It's easy for us to assume that no matter what comes our way, America will prevail politically and economically. Fox-TV's Tuesday night drama Dark Angel, which recently won a People's Choice award for favorite television dramatic series, confronts that assumption by asking "what if we don't?" Behind this rather typical sci-fi action thriller is a siren warning us where Gen-X thinks the world is headed in the new millennium. Unfortunately, the only hope the show gives is the old-fashioned triumph of the American individual.
Produced by filmmaker James Cameron (Titanic), Dark Angel thrusts viewers into a rundown, Bladerunner-like Seattle in the year 2019 where its rogue-heroine, genetically engineered Max (Jessica Alba), tries to remain undetected as she hides from malevolent government operatives who raised and trained her to be a superhuman fighting machine. Her goals in life are to not get caught or killed by these men; score enough of the amino acid called tryptophan to satisfy a genetic malfunction; and find the other test tube soldiers who escaped with her 10 years before.
Along the way, Max finds a friend in underground journalist Logan Cale (Michael Weatherly), a wealthy wheel-chaired idealist who anonymously broadcasts his investigative findings on a streaming video show named "Eyes Only" (only his eyes are shown). Logan is a cynical savior figure on the show, committed to bringing truth to a world where a free press is no longer functioning. He also occasionally gives Max information about the "siblings" for whom she's looking.
The world presented in Dark Angel is violent, filthy, urban, and young. Seattle looks like our worst ghetto nightmare, with open-air buildings used as squatter apartments, graffiti on the walls, homeless people camped out everywhere, and swarms of 20-somethings hanging around with nothing to do. The narrated show opening tells us that terrorists had set off an electromagnetic pulse that fried all computer systems and left the United States "a Third World country overnight." The environment appears ruined, the infrastructure has crumbled, and street crime is the rule. In fact, Max is a postmodern Robin Hood, stealing from the rich so she can help her friends, all of whom are poor.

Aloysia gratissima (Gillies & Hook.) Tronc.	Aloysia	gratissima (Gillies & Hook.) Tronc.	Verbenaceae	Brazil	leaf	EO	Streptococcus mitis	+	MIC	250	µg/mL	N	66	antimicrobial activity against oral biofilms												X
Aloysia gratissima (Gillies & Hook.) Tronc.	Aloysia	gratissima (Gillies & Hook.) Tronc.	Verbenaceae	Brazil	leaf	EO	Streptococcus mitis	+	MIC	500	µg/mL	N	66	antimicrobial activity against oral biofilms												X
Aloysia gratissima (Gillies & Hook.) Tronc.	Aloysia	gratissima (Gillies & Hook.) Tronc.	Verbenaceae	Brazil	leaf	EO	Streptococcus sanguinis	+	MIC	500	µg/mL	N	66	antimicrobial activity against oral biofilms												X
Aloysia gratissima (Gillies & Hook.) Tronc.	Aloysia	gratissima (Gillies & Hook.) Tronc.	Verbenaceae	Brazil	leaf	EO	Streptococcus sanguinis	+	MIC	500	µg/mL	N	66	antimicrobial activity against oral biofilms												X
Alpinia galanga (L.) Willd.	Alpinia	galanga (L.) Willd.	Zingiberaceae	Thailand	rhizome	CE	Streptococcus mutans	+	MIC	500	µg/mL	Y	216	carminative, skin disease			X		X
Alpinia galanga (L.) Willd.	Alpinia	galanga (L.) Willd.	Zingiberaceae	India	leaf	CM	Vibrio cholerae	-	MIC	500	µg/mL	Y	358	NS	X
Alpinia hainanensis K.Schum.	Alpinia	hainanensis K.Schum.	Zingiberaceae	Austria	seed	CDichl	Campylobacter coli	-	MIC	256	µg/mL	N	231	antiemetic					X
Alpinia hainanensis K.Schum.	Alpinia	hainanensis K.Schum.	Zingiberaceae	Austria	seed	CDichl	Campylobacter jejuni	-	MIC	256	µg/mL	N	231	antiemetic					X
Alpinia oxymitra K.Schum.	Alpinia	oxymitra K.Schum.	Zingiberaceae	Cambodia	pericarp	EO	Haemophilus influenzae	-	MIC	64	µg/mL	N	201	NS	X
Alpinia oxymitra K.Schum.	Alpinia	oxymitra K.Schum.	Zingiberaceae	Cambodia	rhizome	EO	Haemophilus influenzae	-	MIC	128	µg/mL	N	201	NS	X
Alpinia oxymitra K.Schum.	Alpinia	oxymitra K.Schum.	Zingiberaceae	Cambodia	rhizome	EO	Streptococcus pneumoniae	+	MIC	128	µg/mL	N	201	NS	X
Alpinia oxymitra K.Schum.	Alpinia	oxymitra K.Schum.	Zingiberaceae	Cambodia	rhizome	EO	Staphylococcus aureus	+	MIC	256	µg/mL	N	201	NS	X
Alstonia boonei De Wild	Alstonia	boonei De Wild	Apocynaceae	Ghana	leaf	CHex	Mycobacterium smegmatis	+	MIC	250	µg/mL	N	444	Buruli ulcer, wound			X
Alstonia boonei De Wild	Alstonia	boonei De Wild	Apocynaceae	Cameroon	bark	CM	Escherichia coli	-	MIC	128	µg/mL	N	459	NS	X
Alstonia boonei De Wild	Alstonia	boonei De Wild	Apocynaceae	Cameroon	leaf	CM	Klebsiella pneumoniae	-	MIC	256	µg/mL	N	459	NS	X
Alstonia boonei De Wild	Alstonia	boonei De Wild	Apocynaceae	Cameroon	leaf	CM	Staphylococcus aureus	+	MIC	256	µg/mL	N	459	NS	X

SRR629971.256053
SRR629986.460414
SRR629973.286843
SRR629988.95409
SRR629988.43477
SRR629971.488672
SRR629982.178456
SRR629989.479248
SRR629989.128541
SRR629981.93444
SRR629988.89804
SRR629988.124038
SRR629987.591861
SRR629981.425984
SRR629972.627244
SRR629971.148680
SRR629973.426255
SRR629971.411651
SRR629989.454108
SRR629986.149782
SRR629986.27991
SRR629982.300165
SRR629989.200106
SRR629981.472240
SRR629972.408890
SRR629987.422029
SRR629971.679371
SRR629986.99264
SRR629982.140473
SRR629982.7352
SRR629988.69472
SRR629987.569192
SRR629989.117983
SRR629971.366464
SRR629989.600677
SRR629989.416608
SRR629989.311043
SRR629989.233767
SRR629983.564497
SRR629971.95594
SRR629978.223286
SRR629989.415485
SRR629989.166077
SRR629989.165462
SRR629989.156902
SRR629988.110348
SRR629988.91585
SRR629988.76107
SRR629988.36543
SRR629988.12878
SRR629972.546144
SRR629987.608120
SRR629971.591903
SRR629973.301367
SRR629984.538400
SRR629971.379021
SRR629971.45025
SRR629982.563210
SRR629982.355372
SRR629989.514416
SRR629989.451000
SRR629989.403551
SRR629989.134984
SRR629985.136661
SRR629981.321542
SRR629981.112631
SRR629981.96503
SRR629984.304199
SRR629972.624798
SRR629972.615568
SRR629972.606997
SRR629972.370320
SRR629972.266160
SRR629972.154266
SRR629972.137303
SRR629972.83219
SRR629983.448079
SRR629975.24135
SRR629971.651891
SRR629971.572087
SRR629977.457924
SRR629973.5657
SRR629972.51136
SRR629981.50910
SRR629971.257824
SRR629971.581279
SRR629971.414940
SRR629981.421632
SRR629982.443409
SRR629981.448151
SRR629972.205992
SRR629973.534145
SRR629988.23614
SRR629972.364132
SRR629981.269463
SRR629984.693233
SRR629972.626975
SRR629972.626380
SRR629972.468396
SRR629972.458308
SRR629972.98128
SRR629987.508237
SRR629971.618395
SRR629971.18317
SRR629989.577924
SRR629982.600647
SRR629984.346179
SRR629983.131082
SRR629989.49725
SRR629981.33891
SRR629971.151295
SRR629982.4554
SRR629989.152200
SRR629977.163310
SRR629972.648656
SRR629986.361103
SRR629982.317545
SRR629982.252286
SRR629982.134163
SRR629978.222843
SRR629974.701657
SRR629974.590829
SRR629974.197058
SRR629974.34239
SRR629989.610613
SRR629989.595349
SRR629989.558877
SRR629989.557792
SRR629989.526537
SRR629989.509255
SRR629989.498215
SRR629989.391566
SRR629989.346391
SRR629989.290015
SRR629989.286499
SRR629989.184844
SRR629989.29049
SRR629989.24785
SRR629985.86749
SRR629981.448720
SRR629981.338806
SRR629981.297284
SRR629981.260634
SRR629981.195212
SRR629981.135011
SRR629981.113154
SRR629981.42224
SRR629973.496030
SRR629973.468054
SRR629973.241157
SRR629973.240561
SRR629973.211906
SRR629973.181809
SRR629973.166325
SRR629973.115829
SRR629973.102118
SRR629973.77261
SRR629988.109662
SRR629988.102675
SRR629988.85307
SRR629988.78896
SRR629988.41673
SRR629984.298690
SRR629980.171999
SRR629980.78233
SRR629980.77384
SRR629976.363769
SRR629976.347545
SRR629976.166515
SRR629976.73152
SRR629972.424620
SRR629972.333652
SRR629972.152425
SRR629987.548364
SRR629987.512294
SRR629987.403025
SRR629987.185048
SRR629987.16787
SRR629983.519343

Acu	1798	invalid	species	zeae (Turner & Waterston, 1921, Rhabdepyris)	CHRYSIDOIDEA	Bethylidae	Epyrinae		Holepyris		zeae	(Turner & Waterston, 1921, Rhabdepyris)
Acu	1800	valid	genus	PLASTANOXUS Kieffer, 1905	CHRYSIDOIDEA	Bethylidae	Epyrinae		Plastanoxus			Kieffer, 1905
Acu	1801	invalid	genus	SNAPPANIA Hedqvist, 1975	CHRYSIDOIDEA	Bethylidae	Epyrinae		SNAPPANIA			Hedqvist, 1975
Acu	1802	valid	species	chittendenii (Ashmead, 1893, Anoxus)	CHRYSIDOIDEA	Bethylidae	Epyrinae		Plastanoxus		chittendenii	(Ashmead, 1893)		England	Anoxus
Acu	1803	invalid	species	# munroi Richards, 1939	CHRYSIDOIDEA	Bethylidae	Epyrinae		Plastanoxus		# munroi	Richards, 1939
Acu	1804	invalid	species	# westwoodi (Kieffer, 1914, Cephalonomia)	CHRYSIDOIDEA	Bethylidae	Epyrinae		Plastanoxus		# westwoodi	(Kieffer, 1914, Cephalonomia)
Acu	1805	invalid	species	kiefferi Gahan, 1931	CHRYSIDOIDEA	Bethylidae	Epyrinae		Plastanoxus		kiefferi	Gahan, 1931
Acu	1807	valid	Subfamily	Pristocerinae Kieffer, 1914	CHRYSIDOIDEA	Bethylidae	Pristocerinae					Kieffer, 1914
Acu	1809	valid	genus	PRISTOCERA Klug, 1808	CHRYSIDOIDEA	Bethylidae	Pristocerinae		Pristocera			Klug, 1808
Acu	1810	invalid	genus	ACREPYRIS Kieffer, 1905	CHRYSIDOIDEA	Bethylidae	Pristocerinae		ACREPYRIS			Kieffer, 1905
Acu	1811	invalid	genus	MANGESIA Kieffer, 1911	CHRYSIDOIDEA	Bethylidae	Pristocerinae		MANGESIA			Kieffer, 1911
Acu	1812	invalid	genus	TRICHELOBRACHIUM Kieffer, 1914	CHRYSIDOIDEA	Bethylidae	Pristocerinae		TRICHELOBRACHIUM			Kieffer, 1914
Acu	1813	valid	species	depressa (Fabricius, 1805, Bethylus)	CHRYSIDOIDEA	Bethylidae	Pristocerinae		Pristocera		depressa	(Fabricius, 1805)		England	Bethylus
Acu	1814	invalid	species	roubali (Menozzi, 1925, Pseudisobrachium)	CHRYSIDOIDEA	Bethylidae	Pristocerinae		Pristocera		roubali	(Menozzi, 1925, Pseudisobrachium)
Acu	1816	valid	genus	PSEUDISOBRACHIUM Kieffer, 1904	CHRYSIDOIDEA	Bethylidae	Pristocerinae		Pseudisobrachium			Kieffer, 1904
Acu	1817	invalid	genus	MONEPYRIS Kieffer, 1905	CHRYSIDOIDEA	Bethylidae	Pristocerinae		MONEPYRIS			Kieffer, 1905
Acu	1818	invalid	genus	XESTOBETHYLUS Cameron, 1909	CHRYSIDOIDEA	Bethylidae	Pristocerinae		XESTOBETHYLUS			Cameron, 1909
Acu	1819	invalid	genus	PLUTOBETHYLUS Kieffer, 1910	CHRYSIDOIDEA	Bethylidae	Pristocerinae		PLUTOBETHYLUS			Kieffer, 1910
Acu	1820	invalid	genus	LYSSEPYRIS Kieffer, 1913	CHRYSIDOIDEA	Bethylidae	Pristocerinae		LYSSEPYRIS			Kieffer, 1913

This is a world in which technology has gone tragically awry and turned on us. The show capitalizes on the panic we feel when our computers crash, or our election machines fail to properly count our votes. Its premise asks us to consider what life might be like when the United States becomes like much of the rest of the world: poor and powerless. How then will we live?
THERE ARE SMALL strands of hope in Dark Angel. Individuals living on the edge and doing their best to endure even if the environment and social structures are doomed. Relationships thrive and individuals band together to frustrate the powers-that-be.
But boiled down, the show's main message is the triumph of the individual. Television often portrays Americans as distrustful of power structures, fearful of technology backfires, and as favoring individualistic solutions to societal problems. How refreshing it would be for a series like this to illustrate a resurgence of community empowerment in the face of such destruction, or a new interdependence that values the individual as part of a community at work to solve the problems of crime, filth, and disorder in society. But that is not the show Cameron gives us, nor has it historically been the kind of sci-fi thriller that works on television.
So how should we view Dark Angel? We certainly shouldn't ignore it because it's not perfect. Powerful and popular visual stories-like Dark Angel-raise key theological questions and can help us become engaged with television in a new and productive way. How does genetic engineering affect family ties? How will our cities cope with the devastation war and terrorism can cause? Critically engaging with the questions this show raises will leave us shocked and bothered, but I hope committed to activating our faith in ways that will ensure that family, community, the environment, and the infrastructure will survive our fascination with technology.
Teresa Blythe is a free-lance writer, spiritual director, and media literacy advocate in the Presbyterian Church. She lives in Novato, California.